Words of Wonder and Wonderful Words: Poetry as Muse

The best way to learn a language is to move where people speak it. The best way to learn to swim is to jump in and get wet. And the best way to get your wordsmithing on is to immerse yourself in poetry.

 

Poetry is a special kind of reading – it’s words on paper that produce an emotional, sensory experience. Whether it is Shakespearian love sonnets, Frost-y odes to nature, Hughesian societal reflections or Rumi-esque spiritual wisdom, poetry takes us to that place in the mind where words rule, and their meanings intertwine and spark each other. Where ideas are knocked loose and our imaginations begin to take over. In fact, if you’re practicing your free writing and making time for your craft, I’d even go so far as to say that if you add poem a day, it’ll keep the writer’s block away!

 

Here are a few to get you going!

 

The breeze at dawn has secrets to tell you.

Don’t go back to sleep.

 

You must ask for what you really want.

Don’t go back to sleep.

 

People are going back and forth across the doorsill

where the two worlds touch.

 

The door is round and open.

Don’t go back to sleep.

 

From Essential Rumi

Translated by Coleman Barks

 

 

Playing Banjo

 

Then put the banjo back in its case.

Close door against the city.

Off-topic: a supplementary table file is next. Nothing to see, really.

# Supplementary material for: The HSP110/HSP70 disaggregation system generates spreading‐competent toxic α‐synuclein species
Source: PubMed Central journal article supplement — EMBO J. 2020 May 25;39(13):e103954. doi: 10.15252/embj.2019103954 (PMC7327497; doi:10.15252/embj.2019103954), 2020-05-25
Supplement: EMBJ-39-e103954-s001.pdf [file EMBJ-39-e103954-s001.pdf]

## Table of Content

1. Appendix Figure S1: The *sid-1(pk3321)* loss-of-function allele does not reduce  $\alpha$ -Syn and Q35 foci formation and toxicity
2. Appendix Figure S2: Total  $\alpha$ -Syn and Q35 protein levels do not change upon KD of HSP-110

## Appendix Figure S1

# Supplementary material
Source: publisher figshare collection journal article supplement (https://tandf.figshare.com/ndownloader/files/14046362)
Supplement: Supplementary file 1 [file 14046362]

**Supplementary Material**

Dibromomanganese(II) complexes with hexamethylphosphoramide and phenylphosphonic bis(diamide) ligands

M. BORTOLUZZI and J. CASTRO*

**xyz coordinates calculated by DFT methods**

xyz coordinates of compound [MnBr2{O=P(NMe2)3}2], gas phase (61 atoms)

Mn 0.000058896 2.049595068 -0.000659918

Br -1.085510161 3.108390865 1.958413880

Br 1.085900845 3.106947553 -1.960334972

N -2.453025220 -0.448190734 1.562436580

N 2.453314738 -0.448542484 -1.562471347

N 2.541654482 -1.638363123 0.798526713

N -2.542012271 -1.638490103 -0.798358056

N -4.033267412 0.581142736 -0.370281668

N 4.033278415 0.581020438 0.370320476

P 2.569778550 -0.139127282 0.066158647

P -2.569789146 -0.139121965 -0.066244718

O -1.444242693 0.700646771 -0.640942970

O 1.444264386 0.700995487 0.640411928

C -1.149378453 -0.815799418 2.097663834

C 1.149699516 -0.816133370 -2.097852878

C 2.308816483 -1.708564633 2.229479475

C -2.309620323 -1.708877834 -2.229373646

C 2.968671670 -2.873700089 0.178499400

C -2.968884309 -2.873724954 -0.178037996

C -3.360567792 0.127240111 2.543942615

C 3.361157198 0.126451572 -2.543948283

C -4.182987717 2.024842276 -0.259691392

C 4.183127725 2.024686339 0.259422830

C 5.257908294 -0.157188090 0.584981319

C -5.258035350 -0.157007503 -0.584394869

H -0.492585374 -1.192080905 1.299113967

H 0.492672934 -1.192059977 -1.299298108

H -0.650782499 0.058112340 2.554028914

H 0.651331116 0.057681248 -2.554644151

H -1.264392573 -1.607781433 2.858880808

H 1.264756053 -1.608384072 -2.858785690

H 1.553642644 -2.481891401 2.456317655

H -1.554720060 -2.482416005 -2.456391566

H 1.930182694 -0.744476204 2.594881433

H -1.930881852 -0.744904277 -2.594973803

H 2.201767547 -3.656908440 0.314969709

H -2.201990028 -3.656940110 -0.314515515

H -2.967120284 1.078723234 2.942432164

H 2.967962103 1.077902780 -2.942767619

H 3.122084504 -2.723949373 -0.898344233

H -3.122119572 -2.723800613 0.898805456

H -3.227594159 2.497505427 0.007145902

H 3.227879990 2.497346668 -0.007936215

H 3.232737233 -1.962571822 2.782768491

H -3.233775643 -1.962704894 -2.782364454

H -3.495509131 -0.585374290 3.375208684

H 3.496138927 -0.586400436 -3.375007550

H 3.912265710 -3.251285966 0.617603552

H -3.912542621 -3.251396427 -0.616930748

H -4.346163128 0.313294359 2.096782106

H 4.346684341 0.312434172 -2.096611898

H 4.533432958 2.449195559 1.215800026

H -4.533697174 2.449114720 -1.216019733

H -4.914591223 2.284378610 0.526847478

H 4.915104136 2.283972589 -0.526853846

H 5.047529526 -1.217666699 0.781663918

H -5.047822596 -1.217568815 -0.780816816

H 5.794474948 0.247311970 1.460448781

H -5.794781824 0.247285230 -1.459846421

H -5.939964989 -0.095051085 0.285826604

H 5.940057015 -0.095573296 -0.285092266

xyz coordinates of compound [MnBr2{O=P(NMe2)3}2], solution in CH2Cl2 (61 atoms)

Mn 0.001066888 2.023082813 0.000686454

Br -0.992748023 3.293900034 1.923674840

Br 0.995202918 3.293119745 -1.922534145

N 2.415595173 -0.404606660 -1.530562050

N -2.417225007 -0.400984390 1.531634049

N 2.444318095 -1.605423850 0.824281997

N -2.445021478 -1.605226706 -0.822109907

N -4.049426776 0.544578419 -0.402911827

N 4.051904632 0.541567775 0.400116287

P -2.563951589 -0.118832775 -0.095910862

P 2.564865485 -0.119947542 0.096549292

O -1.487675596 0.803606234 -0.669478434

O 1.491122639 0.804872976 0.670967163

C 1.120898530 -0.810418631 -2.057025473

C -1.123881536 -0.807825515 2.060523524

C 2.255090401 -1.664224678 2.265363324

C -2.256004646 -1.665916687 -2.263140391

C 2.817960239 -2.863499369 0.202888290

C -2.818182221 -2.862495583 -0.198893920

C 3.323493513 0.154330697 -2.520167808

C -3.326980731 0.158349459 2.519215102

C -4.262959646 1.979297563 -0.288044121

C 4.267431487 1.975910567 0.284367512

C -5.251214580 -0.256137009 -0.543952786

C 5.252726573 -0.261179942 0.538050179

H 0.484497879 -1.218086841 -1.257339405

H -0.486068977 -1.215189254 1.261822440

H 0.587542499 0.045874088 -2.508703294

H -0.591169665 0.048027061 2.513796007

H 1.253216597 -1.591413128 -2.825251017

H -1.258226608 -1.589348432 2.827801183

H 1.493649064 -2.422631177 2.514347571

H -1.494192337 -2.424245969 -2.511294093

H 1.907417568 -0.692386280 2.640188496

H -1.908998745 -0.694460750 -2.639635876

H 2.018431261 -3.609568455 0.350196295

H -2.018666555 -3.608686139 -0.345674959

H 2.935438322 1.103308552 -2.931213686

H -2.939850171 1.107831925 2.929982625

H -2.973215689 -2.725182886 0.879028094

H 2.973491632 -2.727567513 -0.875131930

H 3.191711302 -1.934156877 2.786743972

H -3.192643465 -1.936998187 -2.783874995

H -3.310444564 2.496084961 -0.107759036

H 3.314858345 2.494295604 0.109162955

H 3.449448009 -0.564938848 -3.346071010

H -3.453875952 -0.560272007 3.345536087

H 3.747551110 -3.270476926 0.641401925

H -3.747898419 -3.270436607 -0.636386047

Make a rural sound. Be my key.

Close down the bar. Sing a round.

 

Let the fiddler be stoned in the alley,

the mandolinist pinball long hours.

 

Learn over and over. Still the needle,

return to the solo, parcel out headaches.

 

Pay for the room, measure the silence,

run the notes. Play poorly for family

 

in your manner. Live far away. Drift.

Love everybody. Sound best alone

 

in a minor key. Play it right. Turn

your head when you have forgotten

 

and suddenly a note pierces through

like someone far calling your name.

 

ED SKOOG

Run the Red Lights

Copper Canyon Press

 

 

Driving in the Rain

 

This is when the world could end—about three

in the afternoon on a blacktop in Mississippi,

the sky darkening as if conjuring night, black thoughts

flying from the woods like crows or rattlesnakes in the grass,

and in that dark cathedral of clouds a purple god strikes

at the aimless world—trucks hauling potato chips,

children swarming in overgrown yards, grandmothers dreaming of days

in the kitchen, canning peaches or making blackberry

jam while the world goes wild with summer. O take me

away to another shore, a newfound land, my America, sea

of dust washed by the thunder gods, roads so narrow the oaks curl,

make a tunnel like the one between worlds—

the one we see and the one we think we see and the one

hiding behind every tree on the road’s dark bone.

 

BARBARA HAMBY

Hanging Loose

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